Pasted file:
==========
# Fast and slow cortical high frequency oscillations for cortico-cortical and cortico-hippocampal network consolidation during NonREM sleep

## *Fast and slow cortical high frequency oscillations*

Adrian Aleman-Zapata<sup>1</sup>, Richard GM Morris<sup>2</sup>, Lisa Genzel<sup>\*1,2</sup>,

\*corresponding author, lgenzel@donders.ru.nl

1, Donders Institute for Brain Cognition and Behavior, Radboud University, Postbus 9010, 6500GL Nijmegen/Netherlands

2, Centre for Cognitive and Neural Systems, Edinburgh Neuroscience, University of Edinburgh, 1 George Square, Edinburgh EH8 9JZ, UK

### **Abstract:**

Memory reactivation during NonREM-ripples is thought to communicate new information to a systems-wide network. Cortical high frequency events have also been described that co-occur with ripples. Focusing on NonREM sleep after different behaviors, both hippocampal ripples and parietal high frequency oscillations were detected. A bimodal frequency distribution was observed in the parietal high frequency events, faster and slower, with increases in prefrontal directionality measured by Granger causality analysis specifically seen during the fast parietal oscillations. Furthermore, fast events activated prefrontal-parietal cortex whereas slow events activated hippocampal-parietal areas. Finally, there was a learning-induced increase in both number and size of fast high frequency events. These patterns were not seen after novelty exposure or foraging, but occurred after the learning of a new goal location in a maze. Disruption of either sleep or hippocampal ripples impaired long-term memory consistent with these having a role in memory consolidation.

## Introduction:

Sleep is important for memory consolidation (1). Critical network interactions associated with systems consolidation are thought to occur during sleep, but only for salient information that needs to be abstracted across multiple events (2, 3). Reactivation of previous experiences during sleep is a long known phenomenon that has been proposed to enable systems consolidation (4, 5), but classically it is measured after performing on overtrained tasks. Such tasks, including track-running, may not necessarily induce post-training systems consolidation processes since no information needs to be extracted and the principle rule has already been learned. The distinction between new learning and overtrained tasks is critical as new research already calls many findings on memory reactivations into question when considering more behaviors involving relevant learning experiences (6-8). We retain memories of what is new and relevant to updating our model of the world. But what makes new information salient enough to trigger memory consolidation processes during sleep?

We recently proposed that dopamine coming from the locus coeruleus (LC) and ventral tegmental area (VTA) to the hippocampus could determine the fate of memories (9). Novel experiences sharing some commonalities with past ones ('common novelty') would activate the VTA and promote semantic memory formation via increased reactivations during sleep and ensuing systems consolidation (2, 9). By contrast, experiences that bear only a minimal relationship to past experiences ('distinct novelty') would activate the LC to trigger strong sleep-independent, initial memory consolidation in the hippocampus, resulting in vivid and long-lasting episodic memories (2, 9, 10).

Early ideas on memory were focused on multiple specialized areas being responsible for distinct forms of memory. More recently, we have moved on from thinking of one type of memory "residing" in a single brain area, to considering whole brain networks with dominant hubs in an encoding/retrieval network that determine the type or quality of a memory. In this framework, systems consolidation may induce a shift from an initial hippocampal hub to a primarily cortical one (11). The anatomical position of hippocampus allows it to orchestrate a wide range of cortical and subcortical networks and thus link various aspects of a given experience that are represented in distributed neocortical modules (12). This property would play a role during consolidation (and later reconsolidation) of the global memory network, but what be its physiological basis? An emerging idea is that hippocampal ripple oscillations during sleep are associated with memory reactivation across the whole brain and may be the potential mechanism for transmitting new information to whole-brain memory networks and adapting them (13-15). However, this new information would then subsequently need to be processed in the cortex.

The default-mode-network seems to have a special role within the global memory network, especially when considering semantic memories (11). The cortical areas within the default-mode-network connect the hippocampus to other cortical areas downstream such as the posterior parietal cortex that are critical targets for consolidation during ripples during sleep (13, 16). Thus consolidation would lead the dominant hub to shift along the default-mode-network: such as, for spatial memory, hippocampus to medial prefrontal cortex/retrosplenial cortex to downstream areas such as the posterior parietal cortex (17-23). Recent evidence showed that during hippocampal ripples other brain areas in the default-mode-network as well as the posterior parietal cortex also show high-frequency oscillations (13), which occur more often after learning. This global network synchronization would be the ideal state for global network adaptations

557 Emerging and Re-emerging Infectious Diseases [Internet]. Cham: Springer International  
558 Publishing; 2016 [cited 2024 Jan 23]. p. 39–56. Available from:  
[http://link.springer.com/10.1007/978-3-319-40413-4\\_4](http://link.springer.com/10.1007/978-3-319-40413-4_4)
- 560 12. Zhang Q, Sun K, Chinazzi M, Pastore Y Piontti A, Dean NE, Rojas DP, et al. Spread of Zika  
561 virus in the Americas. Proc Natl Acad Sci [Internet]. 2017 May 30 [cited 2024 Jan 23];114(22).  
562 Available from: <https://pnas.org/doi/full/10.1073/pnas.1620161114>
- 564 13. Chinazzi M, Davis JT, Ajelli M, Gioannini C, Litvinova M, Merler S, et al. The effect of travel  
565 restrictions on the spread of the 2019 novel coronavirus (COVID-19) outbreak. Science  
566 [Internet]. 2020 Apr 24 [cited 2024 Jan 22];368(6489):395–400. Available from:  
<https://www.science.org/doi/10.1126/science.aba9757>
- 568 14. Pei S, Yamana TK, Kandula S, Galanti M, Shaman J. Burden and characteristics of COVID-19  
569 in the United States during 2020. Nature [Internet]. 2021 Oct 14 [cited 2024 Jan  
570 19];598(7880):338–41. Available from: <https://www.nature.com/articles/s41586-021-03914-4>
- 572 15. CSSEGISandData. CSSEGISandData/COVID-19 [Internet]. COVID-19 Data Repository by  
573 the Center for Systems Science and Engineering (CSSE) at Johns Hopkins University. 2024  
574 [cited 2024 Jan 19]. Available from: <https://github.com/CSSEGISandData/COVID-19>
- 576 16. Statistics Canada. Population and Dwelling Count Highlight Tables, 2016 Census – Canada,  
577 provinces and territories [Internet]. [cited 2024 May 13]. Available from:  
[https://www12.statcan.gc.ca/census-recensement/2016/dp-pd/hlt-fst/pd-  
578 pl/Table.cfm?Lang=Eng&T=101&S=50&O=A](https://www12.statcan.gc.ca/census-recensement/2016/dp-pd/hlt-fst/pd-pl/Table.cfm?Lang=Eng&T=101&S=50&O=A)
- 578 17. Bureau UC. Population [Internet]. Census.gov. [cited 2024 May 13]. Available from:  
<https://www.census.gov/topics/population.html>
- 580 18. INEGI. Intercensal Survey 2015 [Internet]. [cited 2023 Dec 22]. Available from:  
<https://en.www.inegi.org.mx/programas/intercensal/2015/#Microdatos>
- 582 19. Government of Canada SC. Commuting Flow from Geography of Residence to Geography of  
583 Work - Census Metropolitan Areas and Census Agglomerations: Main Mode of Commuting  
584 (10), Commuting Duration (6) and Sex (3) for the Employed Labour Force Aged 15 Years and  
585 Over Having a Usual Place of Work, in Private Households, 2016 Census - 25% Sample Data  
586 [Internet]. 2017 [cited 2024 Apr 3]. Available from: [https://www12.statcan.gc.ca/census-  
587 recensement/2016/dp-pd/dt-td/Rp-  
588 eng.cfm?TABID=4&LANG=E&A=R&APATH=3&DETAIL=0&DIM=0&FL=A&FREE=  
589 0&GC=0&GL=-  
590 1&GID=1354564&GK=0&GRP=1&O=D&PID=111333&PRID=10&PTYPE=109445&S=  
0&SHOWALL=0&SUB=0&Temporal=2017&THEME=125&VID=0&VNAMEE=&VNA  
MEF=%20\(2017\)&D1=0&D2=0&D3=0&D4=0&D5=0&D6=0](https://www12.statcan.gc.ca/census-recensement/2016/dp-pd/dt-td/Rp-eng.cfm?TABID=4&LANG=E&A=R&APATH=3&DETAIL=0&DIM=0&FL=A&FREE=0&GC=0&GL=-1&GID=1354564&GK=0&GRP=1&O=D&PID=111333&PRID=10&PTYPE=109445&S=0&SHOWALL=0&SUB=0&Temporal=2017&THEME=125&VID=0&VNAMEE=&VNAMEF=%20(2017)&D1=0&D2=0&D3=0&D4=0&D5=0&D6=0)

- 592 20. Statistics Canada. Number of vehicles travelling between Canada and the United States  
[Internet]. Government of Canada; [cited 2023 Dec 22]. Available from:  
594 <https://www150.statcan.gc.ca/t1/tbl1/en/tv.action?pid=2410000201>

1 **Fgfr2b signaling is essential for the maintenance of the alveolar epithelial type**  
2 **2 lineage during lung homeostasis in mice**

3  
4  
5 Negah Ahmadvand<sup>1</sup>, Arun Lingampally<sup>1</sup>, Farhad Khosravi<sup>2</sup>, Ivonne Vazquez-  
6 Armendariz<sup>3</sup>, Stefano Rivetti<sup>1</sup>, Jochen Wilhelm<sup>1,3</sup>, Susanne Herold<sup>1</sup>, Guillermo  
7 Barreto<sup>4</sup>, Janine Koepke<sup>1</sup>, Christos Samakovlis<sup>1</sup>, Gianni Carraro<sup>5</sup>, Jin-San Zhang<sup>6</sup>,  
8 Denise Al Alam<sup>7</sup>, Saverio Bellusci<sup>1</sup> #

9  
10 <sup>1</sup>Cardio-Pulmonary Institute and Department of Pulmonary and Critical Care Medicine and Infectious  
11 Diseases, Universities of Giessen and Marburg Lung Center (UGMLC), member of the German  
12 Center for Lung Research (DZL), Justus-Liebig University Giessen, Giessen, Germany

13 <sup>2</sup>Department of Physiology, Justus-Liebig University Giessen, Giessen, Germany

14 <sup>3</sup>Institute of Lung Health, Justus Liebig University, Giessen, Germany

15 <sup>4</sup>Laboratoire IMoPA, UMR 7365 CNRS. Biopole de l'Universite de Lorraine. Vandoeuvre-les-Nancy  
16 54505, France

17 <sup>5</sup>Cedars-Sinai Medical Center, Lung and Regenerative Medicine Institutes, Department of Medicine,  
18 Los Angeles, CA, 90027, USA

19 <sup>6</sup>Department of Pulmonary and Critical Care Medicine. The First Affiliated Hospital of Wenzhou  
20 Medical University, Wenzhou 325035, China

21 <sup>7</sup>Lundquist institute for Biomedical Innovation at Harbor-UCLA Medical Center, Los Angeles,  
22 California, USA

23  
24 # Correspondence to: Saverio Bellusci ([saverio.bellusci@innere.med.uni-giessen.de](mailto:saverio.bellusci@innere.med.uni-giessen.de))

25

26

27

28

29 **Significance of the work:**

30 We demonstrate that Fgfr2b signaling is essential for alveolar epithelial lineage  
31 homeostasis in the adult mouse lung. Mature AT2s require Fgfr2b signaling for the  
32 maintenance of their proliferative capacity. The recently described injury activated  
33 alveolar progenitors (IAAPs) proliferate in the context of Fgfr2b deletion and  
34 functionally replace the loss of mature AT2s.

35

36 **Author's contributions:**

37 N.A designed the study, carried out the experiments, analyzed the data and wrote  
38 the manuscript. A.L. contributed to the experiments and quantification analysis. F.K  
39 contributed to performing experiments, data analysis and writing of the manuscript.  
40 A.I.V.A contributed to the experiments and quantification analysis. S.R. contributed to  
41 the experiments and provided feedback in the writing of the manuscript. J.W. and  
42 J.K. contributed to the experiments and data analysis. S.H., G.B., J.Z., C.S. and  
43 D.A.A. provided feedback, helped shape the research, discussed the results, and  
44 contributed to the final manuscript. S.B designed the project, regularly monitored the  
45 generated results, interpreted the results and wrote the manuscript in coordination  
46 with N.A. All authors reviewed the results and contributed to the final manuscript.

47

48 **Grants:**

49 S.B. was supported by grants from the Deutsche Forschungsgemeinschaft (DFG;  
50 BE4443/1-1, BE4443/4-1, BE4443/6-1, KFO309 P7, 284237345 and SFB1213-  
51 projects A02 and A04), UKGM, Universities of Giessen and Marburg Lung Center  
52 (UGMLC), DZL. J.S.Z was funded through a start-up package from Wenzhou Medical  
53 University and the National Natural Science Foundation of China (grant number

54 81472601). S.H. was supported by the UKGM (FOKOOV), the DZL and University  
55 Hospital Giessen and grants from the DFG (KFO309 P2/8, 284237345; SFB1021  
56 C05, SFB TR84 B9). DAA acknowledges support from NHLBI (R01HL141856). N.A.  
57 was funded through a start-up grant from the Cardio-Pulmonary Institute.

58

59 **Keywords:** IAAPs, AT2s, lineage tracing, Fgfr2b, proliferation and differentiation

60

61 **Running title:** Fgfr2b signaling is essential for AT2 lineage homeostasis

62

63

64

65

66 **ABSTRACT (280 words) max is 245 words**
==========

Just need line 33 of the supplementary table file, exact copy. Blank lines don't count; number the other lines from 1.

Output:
578 pl/Table.cfm?Lang=Eng&T=101&S=50&O=A](https://www12.statcan.gc.ca/census-recensement/2016/dp-pd/hlt-fst/pd-pl/Table.cfm?Lang=Eng&T=101&S=50&O=A)